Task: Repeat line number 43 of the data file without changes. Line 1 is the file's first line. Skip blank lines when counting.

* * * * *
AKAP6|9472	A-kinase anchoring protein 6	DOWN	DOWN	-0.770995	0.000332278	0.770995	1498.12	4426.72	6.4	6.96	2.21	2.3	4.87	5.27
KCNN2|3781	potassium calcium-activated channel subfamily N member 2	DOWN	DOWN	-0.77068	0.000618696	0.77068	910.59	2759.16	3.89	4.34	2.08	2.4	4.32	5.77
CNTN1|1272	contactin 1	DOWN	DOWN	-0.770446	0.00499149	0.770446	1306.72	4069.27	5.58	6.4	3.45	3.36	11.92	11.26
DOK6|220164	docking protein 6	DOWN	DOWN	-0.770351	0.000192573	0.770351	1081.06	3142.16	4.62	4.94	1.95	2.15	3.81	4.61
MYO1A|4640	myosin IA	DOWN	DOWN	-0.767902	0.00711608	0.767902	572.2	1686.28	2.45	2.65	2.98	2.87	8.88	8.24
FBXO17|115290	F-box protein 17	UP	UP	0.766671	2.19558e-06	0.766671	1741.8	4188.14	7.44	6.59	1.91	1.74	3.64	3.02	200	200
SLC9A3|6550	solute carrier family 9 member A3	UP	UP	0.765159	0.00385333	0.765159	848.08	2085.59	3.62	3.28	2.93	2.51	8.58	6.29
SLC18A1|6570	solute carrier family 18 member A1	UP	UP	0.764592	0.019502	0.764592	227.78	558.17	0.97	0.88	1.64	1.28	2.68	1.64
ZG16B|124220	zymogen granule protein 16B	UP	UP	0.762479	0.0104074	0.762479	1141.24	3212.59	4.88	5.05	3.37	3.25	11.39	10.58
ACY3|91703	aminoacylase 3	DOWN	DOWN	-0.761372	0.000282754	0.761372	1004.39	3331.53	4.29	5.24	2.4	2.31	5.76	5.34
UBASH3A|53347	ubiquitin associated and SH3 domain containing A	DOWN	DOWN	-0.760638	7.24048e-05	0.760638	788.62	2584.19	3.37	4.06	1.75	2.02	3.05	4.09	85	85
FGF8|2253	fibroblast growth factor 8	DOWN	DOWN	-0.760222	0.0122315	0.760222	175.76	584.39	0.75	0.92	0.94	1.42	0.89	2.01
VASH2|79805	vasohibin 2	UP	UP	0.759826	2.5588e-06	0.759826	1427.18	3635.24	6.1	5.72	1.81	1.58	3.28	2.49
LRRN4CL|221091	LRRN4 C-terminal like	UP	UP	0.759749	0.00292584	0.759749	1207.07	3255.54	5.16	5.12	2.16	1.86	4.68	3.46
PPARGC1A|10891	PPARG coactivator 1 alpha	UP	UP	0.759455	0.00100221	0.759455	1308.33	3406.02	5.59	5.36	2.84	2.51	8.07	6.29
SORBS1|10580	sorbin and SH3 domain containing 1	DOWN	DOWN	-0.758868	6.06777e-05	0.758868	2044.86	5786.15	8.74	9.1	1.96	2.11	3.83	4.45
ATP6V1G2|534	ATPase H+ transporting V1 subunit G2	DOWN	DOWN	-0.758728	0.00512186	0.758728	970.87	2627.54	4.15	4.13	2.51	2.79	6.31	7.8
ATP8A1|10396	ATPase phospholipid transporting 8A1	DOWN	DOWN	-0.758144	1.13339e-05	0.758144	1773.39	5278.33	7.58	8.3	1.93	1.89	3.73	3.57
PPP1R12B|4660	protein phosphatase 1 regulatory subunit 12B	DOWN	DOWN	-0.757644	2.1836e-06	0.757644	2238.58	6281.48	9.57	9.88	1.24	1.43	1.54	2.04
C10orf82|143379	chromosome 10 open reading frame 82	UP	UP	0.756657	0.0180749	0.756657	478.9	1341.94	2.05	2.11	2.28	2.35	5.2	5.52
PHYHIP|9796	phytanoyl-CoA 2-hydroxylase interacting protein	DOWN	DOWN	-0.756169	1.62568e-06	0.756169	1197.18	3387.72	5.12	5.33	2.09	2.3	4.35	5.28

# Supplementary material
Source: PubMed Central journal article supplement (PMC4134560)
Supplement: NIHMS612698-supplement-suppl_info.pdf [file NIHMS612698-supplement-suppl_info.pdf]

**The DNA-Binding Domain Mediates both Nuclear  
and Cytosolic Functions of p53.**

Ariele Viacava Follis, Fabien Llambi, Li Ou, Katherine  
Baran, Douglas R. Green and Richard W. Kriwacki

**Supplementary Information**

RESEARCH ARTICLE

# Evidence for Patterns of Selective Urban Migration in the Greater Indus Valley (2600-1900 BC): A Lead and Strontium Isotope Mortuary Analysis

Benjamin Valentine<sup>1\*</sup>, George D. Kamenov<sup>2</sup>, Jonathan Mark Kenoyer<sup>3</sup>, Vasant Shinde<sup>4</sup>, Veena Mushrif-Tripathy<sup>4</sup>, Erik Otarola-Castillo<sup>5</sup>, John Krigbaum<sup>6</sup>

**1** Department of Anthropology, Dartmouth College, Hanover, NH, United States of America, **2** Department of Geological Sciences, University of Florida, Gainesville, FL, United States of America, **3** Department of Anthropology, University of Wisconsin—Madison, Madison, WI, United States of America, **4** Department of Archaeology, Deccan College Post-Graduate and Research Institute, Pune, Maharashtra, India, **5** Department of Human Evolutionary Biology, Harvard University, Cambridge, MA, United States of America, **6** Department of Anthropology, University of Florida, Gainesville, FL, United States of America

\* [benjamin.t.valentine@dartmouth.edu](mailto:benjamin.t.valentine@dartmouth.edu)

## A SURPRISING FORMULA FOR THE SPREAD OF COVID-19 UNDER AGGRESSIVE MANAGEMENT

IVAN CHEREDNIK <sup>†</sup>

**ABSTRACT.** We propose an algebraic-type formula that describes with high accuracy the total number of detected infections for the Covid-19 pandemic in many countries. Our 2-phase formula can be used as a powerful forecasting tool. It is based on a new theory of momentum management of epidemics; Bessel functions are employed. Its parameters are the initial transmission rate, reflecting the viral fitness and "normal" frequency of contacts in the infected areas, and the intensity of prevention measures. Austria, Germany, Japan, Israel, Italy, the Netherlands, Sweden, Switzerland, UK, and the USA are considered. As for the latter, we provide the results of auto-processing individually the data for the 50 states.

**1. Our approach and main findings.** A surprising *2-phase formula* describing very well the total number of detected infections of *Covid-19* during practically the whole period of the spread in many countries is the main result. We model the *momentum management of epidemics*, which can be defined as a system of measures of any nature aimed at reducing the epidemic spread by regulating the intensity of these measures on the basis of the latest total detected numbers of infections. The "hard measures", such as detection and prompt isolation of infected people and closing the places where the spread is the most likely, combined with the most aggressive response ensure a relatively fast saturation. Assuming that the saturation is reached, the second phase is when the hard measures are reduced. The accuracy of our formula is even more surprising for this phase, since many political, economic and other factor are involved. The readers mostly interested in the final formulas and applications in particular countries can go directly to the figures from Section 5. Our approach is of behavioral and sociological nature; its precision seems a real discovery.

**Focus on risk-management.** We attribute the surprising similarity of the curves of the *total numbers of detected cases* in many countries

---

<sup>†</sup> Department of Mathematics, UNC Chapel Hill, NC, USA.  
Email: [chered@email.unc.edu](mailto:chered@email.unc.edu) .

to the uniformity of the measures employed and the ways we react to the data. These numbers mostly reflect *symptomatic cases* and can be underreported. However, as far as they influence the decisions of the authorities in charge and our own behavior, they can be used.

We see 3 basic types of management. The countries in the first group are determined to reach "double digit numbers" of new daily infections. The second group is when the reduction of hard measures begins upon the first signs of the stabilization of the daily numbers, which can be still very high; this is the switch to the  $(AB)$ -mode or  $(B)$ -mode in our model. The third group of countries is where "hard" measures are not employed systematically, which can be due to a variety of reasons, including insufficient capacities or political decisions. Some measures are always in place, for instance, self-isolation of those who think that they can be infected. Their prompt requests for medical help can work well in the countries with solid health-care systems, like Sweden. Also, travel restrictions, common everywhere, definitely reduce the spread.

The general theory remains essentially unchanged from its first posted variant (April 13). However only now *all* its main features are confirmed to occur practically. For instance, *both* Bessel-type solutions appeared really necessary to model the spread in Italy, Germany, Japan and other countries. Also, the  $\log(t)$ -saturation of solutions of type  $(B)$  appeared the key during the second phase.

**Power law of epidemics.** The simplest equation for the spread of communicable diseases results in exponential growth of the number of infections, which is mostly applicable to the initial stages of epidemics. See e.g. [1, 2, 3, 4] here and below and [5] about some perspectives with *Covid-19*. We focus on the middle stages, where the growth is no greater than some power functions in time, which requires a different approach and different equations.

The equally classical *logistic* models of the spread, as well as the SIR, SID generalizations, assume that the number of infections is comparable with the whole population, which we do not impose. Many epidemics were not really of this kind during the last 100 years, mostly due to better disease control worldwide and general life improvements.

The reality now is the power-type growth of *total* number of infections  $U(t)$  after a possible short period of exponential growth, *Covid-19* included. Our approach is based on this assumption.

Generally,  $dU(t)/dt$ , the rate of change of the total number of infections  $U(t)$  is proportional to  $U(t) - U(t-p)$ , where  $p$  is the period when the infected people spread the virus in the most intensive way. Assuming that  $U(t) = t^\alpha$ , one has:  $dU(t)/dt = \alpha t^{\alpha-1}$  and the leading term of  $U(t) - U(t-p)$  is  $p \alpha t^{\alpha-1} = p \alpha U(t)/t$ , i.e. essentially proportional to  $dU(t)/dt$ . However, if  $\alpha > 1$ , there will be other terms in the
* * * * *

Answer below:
to the uniformity of the measures employed and the ways we react to the data. These numbers mostly reflect *symptomatic cases* and can be underreported. However, as far as they influence the decisions of the authorities in charge and our own behavior, they can be used.